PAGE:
The Unique Guizhou (part 3)


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Asia » China » Guizhou » Kaili
April 14th 2018
Published: April 18th 2018
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We came back to Guiyang for a break, the weather was cold and rainy, a perfect day to visit a museum. Guizhou Provincial Museum opened its new rendition last year with it’s gigantic and modern looking building. it has an amazing digital displays of ‘Colorful Guizhou’ deciphering the cultural and customs of Guizhou‘s many minority groups. I especially enjoyed watching the video clips of the ‘Non-material heritage inheritors’ - a designated title for the master crafters in each specific fields. I never realize the complicated progress involved in turning a piece of wood into a exquisite lacquerware, nor the art of batik or weaving an intricate bird cage. There is so much we can learn from these masters. The whole second floor is dedicated to the customs, the silver headdresses and festival wardrobe of different ethnic groups. What really makes this museum so different from all the other museums was the way they incorporateed children’s play areas at many corners of the museum. Children are allowed to run around, dress up and interact digitally with various museum characters. Even Zimo, at 2 years old, thoroughly enjoyed this museum. Dont miss this place if you are in Guiyang.

Huanguoshu waterfall is the biggest one in China. The park provides free bus shuttles between the 3 main attraction areas. The ‘Sky Star Trail’ (天星洞) required some walking but has the best scenery. The ‘big’ waterfall can be accessed by an escalator. After Niagara fall and Iguazu it’s a little hard to be impressed by this beautiful but not very big waterfall.

From an article I sent to Wang Yang, she found out about the last cave dwelling village in China, Zhongdong (中洞). It is in a remote area and the only way to reach them is by walking 3 hours round trip up and down some narrow paths and many primitive stone steps. 20 minutes into the walk, ray and I gave up and encouraged the young ones to continue without us. While waiting for them, we met some of the villagers, including a 73 year old grandma hiking back from the markets. This Hmong village has 18 families, about 70 people living together in this giant cave. Their ancestors moved to the cave in 1940s to avoid bandits in the area. In 2003,an American, Hurank Bode, donated money to provide the villagers with electricity. The Chinese government also built some houses in the valley but the villagers refused to move. The cave community uses the dripping water from the cave‘s ceiling as a source of drinking water. The families have livestocks, small corn and vegetable plots, even a school. All other materials are carried in by treking along the difficult path. Wang Yang was quite intrigued with the people and shared many of her pictures here. We hope that the villagers would be successful in negotiating with the government to provide a road to their cave. That would greater benefit the life’s of China’s last cave dwelling people.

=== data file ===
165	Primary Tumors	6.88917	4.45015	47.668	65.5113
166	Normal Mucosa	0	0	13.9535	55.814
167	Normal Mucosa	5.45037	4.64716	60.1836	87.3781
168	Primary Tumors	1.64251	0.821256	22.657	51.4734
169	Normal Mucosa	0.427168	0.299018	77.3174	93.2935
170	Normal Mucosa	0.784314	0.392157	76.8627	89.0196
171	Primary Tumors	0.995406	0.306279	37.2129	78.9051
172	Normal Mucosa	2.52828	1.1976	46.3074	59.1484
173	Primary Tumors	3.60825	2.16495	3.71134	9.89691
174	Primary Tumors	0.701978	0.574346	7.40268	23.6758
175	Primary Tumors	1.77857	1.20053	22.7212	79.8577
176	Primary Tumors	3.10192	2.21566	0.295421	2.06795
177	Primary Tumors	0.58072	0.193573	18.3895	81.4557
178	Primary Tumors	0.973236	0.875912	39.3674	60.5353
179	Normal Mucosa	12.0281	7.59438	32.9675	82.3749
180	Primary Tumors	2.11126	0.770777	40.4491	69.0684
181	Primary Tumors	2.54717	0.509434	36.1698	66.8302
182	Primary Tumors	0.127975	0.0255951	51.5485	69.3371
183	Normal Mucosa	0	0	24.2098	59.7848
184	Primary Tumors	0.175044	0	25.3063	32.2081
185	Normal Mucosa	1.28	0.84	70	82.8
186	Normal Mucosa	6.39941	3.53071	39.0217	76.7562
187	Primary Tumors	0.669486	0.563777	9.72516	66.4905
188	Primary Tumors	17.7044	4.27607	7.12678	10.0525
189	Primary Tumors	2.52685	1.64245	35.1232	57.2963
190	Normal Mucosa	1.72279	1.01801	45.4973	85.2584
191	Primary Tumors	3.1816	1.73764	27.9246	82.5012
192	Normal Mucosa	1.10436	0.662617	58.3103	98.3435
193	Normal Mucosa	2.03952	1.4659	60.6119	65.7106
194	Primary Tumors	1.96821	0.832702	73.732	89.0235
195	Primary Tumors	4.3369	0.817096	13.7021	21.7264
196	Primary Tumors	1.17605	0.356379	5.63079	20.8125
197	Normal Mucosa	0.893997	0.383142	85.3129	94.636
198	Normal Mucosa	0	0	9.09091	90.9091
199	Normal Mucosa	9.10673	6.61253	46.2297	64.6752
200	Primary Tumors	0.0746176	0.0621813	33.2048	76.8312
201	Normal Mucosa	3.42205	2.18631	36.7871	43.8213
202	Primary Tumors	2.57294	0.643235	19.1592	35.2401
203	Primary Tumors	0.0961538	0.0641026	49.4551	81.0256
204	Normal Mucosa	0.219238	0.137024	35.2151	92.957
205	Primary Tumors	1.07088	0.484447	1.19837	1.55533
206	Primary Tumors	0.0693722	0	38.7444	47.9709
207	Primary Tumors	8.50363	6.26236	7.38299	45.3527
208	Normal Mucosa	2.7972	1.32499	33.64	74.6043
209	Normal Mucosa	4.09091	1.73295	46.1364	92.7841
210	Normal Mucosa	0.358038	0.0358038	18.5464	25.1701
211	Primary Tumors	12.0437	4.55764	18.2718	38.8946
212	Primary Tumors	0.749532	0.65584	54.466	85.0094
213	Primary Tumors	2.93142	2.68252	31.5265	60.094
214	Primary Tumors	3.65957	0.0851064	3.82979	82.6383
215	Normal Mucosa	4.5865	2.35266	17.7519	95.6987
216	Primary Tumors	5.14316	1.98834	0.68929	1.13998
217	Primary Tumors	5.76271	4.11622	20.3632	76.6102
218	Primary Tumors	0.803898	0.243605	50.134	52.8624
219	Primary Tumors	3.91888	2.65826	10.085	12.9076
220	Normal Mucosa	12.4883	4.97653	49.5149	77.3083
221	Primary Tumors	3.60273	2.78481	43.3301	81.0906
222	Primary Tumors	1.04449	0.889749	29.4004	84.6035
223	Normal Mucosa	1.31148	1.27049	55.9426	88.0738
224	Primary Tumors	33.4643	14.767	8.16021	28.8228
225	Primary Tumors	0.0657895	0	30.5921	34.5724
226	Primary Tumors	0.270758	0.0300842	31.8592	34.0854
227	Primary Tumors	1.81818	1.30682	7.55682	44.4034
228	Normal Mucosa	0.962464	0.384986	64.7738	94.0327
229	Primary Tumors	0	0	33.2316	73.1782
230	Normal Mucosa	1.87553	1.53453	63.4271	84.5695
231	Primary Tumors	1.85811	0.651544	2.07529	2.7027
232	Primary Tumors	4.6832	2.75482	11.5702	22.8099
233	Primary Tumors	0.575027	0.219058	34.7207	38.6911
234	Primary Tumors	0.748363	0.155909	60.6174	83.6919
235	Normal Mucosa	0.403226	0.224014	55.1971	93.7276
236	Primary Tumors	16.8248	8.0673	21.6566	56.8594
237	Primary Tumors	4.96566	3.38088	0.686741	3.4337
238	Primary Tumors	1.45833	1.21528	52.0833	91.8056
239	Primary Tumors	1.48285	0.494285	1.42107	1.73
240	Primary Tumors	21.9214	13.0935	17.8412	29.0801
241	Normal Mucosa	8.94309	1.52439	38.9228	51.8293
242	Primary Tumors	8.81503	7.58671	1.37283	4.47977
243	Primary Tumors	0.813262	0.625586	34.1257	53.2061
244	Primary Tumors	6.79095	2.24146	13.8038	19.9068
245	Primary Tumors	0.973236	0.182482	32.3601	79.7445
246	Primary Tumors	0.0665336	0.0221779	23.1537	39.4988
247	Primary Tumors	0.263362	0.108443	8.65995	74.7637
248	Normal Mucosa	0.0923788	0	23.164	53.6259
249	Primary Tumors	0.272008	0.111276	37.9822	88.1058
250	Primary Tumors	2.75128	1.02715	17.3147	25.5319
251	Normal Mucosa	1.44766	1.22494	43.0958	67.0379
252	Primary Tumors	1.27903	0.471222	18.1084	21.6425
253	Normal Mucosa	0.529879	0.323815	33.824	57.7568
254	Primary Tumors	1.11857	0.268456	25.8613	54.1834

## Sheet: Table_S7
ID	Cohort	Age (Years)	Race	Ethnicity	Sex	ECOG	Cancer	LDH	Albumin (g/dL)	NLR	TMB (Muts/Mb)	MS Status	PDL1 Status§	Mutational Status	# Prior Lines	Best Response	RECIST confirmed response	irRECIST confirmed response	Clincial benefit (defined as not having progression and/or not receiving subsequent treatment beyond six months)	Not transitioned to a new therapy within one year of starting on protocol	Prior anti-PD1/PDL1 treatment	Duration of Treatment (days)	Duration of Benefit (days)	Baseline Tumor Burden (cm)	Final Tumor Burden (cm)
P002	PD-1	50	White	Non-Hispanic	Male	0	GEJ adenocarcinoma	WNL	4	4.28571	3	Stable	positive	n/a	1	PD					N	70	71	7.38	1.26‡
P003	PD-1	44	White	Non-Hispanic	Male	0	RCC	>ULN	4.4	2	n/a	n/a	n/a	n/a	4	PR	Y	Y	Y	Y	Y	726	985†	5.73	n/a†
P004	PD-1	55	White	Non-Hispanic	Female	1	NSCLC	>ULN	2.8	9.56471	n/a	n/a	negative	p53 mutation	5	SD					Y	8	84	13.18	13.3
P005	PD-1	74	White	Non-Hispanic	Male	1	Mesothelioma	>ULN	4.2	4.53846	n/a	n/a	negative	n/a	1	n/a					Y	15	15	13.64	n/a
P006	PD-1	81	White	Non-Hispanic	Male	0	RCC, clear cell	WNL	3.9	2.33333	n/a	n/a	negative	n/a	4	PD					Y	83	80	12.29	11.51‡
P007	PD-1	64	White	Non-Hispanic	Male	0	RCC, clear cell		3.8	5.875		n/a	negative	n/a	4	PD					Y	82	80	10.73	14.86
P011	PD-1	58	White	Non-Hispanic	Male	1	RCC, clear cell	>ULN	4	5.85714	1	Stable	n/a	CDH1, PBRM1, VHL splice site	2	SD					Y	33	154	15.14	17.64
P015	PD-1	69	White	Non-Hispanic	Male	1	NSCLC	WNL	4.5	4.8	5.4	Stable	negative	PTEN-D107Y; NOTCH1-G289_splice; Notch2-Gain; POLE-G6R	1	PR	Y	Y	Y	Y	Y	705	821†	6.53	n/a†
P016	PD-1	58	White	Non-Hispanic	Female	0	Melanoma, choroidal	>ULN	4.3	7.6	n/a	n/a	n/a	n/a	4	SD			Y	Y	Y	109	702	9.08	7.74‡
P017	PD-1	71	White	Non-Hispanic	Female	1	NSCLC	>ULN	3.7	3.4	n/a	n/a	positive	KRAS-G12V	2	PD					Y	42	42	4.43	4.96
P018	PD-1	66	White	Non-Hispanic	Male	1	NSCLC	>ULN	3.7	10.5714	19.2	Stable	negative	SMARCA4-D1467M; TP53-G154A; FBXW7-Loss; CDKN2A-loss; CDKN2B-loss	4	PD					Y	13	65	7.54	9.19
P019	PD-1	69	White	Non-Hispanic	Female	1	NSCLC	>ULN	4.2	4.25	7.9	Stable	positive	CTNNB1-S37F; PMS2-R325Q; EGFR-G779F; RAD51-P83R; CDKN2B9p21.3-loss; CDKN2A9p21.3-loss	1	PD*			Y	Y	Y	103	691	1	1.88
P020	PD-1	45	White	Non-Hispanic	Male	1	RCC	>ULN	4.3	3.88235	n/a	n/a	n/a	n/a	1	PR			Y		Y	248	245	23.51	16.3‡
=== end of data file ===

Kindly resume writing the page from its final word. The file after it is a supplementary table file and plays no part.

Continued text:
After such a long and tiring day, we decided to forego our planned itinerary, and instead spent the night at a nearby park called Ge Tu (格凸). Even though this park is a Chinese 4A National Park , none of us had heard of it before. Upon entering the park, we encountered a huge cave and watched a Hmong man (dubbed the Spider-Man) climbing free handed up the steep wall - a skill Hmong people used to collect swallow nests and hanging coffins on the bluff. 90% of karst formations in the world are in Asia and the majority of them in China are in the Guizhou area. We found quite a few western rock climbers (Belgian, Germany, Canadia) in Ge Tu. It turns out that Ge Tu is world famous for rock climbing. We continued to walk along the path inside the open cave and admired the magnificent scenery. The cave is very deep but the steps were well planned and spaced with flat area for easy walking. Once we were out of the cave, we boarded a boat and went down the Ge Tu river. A clean and wonderful river where the driver showed us the hanging coffins along the river bank . Sometimes, unplanned destinations surprise and enchant us even more than what’s on the planned itinerary. One benefit of traveling through China as senior citizens is the entrance fee to all parks and attractions are free regardless if you are citizens or foreigners. Do remember to bring your proof of age with you.

After two weeks of traveling with Qiao Kei and his family, it was time to say goodbye and continue on our way to Japan. I snapped one last cute picture of the little rice girl and wished them a safe trip home!


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